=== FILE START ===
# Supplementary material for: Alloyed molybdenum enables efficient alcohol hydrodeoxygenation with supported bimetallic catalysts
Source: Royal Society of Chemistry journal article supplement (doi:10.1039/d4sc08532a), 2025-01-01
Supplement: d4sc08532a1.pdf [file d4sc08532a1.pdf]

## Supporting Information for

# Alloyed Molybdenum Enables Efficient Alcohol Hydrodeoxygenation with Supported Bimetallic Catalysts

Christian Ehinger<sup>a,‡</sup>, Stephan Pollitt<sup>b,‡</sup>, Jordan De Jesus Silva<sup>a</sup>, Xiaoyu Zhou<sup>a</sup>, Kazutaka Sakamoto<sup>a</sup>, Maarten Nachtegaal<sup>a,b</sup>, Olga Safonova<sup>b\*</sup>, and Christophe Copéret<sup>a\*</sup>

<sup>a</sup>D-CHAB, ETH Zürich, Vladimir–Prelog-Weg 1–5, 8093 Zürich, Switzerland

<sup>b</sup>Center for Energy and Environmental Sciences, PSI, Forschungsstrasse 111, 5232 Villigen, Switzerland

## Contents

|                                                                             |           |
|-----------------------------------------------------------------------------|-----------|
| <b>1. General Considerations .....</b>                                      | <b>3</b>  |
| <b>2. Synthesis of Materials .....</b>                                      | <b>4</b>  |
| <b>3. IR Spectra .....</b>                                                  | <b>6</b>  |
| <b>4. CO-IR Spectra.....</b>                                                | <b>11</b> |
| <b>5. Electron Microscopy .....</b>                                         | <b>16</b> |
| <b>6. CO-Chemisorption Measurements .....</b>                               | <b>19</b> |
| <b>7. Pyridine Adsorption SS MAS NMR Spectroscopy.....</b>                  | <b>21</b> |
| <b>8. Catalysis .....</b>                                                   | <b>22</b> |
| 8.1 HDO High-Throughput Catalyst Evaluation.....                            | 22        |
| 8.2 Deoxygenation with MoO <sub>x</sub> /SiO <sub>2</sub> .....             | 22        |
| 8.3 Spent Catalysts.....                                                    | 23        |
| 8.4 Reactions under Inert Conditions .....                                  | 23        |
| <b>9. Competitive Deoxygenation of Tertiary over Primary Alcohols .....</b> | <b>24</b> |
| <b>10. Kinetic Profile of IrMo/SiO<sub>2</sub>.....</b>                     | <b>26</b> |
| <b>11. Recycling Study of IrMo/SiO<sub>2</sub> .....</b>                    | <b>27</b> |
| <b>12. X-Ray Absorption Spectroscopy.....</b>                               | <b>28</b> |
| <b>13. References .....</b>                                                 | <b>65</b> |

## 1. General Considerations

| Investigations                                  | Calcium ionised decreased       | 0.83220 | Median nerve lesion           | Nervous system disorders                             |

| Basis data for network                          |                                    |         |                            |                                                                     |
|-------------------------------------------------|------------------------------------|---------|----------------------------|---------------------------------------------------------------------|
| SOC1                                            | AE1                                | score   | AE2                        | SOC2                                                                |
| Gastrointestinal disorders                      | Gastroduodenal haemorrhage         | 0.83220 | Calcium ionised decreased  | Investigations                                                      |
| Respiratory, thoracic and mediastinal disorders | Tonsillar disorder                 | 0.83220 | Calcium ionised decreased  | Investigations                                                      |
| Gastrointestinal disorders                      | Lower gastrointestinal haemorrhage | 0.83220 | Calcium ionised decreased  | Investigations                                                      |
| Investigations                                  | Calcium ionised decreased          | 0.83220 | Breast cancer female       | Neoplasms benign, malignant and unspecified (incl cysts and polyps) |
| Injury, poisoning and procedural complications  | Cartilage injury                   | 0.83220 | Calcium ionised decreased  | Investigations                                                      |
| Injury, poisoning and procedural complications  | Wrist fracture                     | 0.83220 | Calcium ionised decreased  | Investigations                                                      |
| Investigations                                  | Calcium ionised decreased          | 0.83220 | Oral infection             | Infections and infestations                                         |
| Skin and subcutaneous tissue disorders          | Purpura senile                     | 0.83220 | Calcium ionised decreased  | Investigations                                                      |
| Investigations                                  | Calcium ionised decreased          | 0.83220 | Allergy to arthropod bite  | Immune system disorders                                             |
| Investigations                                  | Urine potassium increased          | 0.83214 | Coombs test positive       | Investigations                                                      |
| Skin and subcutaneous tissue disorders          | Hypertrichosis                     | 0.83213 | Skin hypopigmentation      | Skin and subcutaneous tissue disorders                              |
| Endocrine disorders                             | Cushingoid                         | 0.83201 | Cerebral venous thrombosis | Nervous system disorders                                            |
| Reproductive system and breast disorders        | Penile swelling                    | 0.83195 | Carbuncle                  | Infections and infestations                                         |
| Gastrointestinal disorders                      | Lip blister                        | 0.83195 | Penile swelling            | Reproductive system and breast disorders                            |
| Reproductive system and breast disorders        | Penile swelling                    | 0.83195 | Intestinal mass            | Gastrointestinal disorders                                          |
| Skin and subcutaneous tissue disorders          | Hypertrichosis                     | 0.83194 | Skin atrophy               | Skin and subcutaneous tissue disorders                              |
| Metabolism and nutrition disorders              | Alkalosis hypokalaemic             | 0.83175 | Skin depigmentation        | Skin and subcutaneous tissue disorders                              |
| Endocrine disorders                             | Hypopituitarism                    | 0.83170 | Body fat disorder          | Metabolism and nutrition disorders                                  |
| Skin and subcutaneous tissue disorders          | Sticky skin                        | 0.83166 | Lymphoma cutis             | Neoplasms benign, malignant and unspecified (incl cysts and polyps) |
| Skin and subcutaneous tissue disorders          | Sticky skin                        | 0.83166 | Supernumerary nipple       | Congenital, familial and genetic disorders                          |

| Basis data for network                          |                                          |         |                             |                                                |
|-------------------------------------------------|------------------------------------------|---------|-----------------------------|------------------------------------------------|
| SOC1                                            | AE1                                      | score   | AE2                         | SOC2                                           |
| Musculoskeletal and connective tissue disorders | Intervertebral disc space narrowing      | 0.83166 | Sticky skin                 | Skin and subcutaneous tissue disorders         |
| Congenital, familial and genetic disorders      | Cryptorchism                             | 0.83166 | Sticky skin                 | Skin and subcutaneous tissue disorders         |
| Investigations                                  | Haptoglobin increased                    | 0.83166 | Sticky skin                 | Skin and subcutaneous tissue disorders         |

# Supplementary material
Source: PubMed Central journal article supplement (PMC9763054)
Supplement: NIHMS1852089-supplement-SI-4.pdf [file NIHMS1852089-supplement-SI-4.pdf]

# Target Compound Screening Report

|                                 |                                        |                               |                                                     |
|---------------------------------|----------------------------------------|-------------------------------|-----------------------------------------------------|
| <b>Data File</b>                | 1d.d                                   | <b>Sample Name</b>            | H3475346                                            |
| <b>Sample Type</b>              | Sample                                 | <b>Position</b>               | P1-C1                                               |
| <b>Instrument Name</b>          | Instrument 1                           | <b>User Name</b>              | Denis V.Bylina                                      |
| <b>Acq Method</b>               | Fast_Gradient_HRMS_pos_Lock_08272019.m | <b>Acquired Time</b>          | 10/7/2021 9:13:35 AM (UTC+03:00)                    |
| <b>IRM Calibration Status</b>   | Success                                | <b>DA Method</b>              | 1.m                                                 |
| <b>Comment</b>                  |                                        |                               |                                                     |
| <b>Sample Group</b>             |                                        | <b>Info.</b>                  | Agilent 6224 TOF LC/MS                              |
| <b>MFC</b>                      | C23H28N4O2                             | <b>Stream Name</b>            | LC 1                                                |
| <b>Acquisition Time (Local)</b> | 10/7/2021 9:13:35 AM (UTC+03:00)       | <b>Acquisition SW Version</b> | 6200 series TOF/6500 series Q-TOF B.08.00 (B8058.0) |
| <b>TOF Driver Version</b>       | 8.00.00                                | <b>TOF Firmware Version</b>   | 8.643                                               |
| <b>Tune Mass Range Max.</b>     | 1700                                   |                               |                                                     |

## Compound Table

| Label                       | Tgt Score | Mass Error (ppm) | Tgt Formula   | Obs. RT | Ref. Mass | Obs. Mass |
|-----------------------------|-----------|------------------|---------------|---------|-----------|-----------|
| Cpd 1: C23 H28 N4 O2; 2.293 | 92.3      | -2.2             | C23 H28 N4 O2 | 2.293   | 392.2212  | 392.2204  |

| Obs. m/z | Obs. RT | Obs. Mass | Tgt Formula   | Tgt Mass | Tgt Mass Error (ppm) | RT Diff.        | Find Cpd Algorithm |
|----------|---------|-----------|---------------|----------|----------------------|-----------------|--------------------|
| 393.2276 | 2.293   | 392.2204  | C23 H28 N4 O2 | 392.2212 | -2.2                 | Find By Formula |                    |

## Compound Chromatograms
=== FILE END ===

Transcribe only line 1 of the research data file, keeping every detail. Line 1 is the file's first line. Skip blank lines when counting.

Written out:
# Supplementary material for: Alloyed molybdenum enables efficient alcohol hydrodeoxygenation with supported bimetallic catalysts